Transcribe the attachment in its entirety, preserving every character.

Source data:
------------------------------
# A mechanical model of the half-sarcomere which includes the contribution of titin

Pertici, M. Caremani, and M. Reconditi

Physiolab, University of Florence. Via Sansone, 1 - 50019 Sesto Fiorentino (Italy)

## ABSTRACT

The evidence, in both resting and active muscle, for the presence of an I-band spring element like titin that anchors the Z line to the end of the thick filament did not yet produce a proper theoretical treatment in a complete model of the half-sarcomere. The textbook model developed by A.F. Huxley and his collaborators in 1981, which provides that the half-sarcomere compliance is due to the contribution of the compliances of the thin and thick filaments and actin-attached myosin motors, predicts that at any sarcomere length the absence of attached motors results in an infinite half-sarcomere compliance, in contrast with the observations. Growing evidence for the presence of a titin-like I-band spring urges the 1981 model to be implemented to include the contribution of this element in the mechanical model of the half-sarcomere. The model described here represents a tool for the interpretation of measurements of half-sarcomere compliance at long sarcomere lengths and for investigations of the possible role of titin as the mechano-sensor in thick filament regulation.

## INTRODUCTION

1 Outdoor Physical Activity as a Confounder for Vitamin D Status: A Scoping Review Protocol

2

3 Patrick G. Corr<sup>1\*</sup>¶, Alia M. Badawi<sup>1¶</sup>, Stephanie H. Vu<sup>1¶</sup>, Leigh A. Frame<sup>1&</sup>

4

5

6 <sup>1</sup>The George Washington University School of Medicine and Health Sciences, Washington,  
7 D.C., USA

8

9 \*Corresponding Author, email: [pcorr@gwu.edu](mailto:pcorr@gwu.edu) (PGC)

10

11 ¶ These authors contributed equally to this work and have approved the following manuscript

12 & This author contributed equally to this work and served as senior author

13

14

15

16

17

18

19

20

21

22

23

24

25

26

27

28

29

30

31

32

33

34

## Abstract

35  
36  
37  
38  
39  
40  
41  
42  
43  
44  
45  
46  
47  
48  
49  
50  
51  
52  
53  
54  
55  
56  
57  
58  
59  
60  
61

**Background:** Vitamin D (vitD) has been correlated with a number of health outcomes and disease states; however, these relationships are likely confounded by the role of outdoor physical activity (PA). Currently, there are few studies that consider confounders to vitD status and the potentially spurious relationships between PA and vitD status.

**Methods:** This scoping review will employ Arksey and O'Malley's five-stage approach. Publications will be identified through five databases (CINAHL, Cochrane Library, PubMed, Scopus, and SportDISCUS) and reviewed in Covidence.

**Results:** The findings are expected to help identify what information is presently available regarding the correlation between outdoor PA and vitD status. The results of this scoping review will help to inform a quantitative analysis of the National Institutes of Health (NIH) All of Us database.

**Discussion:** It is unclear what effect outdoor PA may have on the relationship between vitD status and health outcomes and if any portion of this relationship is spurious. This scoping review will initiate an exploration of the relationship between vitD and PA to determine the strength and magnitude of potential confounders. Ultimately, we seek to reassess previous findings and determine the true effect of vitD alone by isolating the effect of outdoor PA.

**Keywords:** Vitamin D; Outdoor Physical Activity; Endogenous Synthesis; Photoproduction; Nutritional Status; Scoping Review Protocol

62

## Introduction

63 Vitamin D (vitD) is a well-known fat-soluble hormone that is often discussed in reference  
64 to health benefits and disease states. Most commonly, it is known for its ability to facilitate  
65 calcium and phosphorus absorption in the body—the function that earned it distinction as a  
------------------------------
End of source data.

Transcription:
# A mechanical model of the half-sarcomere which includes the contribution of titin

Pertici, M. Caremani, and M. Reconditi

Physiolab, University of Florence. Via Sansone, 1 - 50019 Sesto Fiorentino (Italy)

## ABSTRACT

The evidence, in both resting and active muscle, for the presence of an I-band spring element like titin that anchors the Z line to the end of the thick filament did not yet produce a proper theoretical treatment in a complete model of the half-sarcomere. The textbook model developed by A.F. Huxley and his collaborators in 1981, which provides that the half-sarcomere compliance is due to the contribution of the compliances of the thin and thick filaments and actin-attached myosin motors, predicts that at any sarcomere length the absence of attached motors results in an infinite half-sarcomere compliance, in contrast with the observations. Growing evidence for the presence of a titin-like I-band spring urges the 1981 model to be implemented to include the contribution of this element in the mechanical model of the half-sarcomere. The model described here represents a tool for the interpretation of measurements of half-sarcomere compliance at long sarcomere lengths and for investigations of the possible role of titin as the mechano-sensor in thick filament regulation.

## INTRODUCTION

1 Outdoor Physical Activity as a Confounder for Vitamin D Status: A Scoping Review Protocol

2

3 Patrick G. Corr<sup>1\*</sup>¶, Alia M. Badawi<sup>1¶</sup>, Stephanie H. Vu<sup>1¶</sup>, Leigh A. Frame<sup>1&</sup>

4

5

6 <sup>1</sup>The George Washington University School of Medicine and Health Sciences, Washington,  
7 D.C., USA

8

9 \*Corresponding Author, email: [pcorr@gwu.edu](mailto:pcorr@gwu.edu) (PGC)

10

11 ¶ These authors contributed equally to this work and have approved the following manuscript

12 & This author contributed equally to this work and served as senior author

13

14

15

16

17

18

19

20

21

22

23

24

25

26

27

28

29

30

31

32

33

34

## Abstract

35  
36  
37  
38  
39  
40  
41  
42  
43  
44  
45  
46  
47  
48  
49  
50  
51  
52  
53  
54  
55  
56  
57  
58  
59  
60  
61

**Background:** Vitamin D (vitD) has been correlated with a number of health outcomes and disease states; however, these relationships are likely confounded by the role of outdoor physical activity (PA). Currently, there are few studies that consider confounders to vitD status and the potentially spurious relationships between PA and vitD status.

**Methods:** This scoping review will employ Arksey and O'Malley's five-stage approach. Publications will be identified through five databases (CINAHL, Cochrane Library, PubMed, Scopus, and SportDISCUS) and reviewed in Covidence.

**Results:** The findings are expected to help identify what information is presently available regarding the correlation between outdoor PA and vitD status. The results of this scoping review will help to inform a quantitative analysis of the National Institutes of Health (NIH) All of Us database.

**Discussion:** It is unclear what effect outdoor PA may have on the relationship between vitD status and health outcomes and if any portion of this relationship is spurious. This scoping review will initiate an exploration of the relationship between vitD and PA to determine the strength and magnitude of potential confounders. Ultimately, we seek to reassess previous findings and determine the true effect of vitD alone by isolating the effect of outdoor PA.

**Keywords:** Vitamin D; Outdoor Physical Activity; Endogenous Synthesis; Photoproduction; Nutritional Status; Scoping Review Protocol

62

## Introduction

63 Vitamin D (vitD) is a well-known fat-soluble hormone that is often discussed in reference  
64 to health benefits and disease states. Most commonly, it is known for its ability to facilitate  
65 calcium and phosphorus absorption in the body—the function that earned it distinction as a  